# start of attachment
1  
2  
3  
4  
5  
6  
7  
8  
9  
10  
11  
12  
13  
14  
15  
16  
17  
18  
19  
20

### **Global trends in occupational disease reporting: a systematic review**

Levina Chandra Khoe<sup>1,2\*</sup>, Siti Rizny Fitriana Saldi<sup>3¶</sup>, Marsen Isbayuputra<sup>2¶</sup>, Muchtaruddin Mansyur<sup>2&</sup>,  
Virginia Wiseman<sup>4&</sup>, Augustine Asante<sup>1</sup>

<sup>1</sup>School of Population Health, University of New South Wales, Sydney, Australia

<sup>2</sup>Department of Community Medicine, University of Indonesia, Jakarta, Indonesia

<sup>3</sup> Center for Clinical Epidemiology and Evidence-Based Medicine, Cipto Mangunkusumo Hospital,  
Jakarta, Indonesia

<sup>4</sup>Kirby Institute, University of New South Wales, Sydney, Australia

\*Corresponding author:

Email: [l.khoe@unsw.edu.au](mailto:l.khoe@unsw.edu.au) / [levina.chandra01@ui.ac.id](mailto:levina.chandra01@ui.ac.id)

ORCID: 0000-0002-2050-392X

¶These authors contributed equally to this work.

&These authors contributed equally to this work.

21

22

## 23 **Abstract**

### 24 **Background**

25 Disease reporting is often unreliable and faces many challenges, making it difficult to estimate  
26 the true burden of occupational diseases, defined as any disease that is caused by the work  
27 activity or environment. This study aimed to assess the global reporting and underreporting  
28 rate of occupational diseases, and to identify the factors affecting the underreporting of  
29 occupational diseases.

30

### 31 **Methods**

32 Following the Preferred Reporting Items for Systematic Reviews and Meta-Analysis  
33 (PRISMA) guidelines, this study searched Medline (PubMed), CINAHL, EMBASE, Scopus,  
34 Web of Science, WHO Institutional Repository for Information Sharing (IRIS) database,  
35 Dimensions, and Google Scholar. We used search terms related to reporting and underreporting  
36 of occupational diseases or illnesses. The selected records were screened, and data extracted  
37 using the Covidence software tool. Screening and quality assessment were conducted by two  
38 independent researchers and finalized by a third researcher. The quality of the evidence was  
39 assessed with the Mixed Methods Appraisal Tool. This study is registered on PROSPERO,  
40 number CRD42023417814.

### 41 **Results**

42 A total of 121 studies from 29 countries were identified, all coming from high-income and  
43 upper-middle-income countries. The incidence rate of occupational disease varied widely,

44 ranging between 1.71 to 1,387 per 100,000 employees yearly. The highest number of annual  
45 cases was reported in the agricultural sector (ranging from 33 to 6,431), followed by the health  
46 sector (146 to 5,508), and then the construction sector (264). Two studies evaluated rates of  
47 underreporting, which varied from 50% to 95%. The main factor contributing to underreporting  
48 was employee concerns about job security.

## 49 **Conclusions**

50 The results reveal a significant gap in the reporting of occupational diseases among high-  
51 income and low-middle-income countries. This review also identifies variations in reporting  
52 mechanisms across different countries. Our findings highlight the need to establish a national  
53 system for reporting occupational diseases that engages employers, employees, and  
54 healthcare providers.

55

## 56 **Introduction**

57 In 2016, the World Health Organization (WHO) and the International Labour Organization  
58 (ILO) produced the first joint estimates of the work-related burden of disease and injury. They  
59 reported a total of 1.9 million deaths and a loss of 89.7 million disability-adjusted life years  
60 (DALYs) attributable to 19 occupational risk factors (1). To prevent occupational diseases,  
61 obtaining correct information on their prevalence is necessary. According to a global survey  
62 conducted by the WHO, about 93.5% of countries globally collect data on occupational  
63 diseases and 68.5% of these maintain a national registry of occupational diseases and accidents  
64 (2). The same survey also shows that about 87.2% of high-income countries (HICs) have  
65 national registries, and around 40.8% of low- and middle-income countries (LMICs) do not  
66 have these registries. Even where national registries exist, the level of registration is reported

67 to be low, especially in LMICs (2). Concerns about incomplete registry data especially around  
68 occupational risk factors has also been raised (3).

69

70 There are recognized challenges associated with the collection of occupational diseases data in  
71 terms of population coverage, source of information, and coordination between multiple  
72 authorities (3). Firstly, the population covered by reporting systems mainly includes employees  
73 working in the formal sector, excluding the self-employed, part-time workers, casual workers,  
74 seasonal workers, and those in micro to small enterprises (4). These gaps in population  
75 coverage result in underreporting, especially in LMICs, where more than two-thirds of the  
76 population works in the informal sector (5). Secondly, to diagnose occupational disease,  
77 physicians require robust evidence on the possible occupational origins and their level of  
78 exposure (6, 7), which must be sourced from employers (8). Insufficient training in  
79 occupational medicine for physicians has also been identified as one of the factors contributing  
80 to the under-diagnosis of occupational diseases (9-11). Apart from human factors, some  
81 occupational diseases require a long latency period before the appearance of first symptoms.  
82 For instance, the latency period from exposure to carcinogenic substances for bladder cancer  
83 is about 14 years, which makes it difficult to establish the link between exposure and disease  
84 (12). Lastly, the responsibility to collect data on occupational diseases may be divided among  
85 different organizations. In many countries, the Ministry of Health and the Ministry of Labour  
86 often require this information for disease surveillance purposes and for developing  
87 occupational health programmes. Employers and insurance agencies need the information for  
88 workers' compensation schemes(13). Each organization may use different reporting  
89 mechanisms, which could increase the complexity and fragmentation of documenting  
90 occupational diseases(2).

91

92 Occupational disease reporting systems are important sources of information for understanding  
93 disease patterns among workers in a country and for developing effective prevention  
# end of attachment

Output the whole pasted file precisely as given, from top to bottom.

1  
2  
3  
4  
5  
6  
7  
8  
9  
10  
11  
12  
13  
14  
15  
16  
17  
18  
19  
20

### **Global trends in occupational disease reporting: a systematic review**

Levina Chandra Khoe<sup>1,2\*</sup>, Siti Rizny Fitriana Saldi<sup>3¶</sup>, Marsen Isbayuputra<sup>2¶</sup>, Muchtaruddin Mansyur<sup>2&</sup>,  
Virginia Wiseman<sup>4&</sup>, Augustine Asante<sup>1</sup>

<sup>1</sup>School of Population Health, University of New South Wales, Sydney, Australia

<sup>2</sup>Department of Community Medicine, University of Indonesia, Jakarta, Indonesia

<sup>3</sup> Center for Clinical Epidemiology and Evidence-Based Medicine, Cipto Mangunkusumo Hospital,  
Jakarta, Indonesia

<sup>4</sup>Kirby Institute, University of New South Wales, Sydney, Australia

\*Corresponding author:

Email: [l.khoe@unsw.edu.au](mailto:l.khoe@unsw.edu.au) / [levina.chandra01@ui.ac.id](mailto:levina.chandra01@ui.ac.id)

ORCID: 0000-0002-2050-392X

¶These authors contributed equally to this work.

&These authors contributed equally to this work.

21

22

## 23 **Abstract**

### 24 **Background**

25 Disease reporting is often unreliable and faces many challenges, making it difficult to estimate  
26 the true burden of occupational diseases, defined as any disease that is caused by the work  
27 activity or environment. This study aimed to assess the global reporting and underreporting  
28 rate of occupational diseases, and to identify the factors affecting the underreporting of  
29 occupational diseases.

30

### 31 **Methods**

32 Following the Preferred Reporting Items for Systematic Reviews and Meta-Analysis  
33 (PRISMA) guidelines, this study searched Medline (PubMed), CINAHL, EMBASE, Scopus,  
34 Web of Science, WHO Institutional Repository for Information Sharing (IRIS) database,  
35 Dimensions, and Google Scholar. We used search terms related to reporting and underreporting  
36 of occupational diseases or illnesses. The selected records were screened, and data extracted  
37 using the Covidence software tool. Screening and quality assessment were conducted by two  
38 independent researchers and finalized by a third researcher. The quality of the evidence was  
39 assessed with the Mixed Methods Appraisal Tool. This study is registered on PROSPERO,  
40 number CRD42023417814.

### 41 **Results**

42 A total of 121 studies from 29 countries were identified, all coming from high-income and  
43 upper-middle-income countries. The incidence rate of occupational disease varied widely,

44 ranging between 1.71 to 1,387 per 100,000 employees yearly. The highest number of annual  
45 cases was reported in the agricultural sector (ranging from 33 to 6,431), followed by the health  
46 sector (146 to 5,508), and then the construction sector (264). Two studies evaluated rates of  
47 underreporting, which varied from 50% to 95%. The main factor contributing to underreporting  
48 was employee concerns about job security.

## 49 **Conclusions**

50 The results reveal a significant gap in the reporting of occupational diseases among high-  
51 income and low-middle-income countries. This review also identifies variations in reporting  
52 mechanisms across different countries. Our findings highlight the need to establish a national  
53 system for reporting occupational diseases that engages employers, employees, and  
54 healthcare providers.

55

## 56 **Introduction**

57 In 2016, the World Health Organization (WHO) and the International Labour Organization  
58 (ILO) produced the first joint estimates of the work-related burden of disease and injury. They  
59 reported a total of 1.9 million deaths and a loss of 89.7 million disability-adjusted life years  
60 (DALYs) attributable to 19 occupational risk factors (1). To prevent occupational diseases,  
61 obtaining correct information on their prevalence is necessary. According to a global survey  
62 conducted by the WHO, about 93.5% of countries globally collect data on occupational  
63 diseases and 68.5% of these maintain a national registry of occupational diseases and accidents  
64 (2). The same survey also shows that about 87.2% of high-income countries (HICs) have  
65 national registries, and around 40.8% of low- and middle-income countries (LMICs) do not  
66 have these registries. Even where national registries exist, the level of registration is reported

67 to be low, especially in LMICs (2). Concerns about incomplete registry data especially around  
68 occupational risk factors has also been raised (3).

69

70 There are recognized challenges associated with the collection of occupational diseases data in  
71 terms of population coverage, source of information, and coordination between multiple  
72 authorities (3). Firstly, the population covered by reporting systems mainly includes employees  
73 working in the formal sector, excluding the self-employed, part-time workers, casual workers,  
74 seasonal workers, and those in micro to small enterprises (4). These gaps in population  
75 coverage result in underreporting, especially in LMICs, where more than two-thirds of the  
76 population works in the informal sector (5). Secondly, to diagnose occupational disease,  
77 physicians require robust evidence on the possible occupational origins and their level of  
78 exposure (6, 7), which must be sourced from employers (8). Insufficient training in  
79 occupational medicine for physicians has also been identified as one of the factors contributing  
80 to the under-diagnosis of occupational diseases (9-11). Apart from human factors, some  
81 occupational diseases require a long latency period before the appearance of first symptoms.  
82 For instance, the latency period from exposure to carcinogenic substances for bladder cancer  
83 is about 14 years, which makes it difficult to establish the link between exposure and disease  
84 (12). Lastly, the responsibility to collect data on occupational diseases may be divided among  
85 different organizations. In many countries, the Ministry of Health and the Ministry of Labour  
86 often require this information for disease surveillance purposes and for developing  
87 occupational health programmes. Employers and insurance agencies need the information for  
88 workers' compensation schemes(13). Each organization may use different reporting  
89 mechanisms, which could increase the complexity and fragmentation of documenting  
90 occupational diseases(2).

91

92 Occupational disease reporting systems are important sources of information for understanding  
93 disease patterns among workers in a country and for developing effective prevention  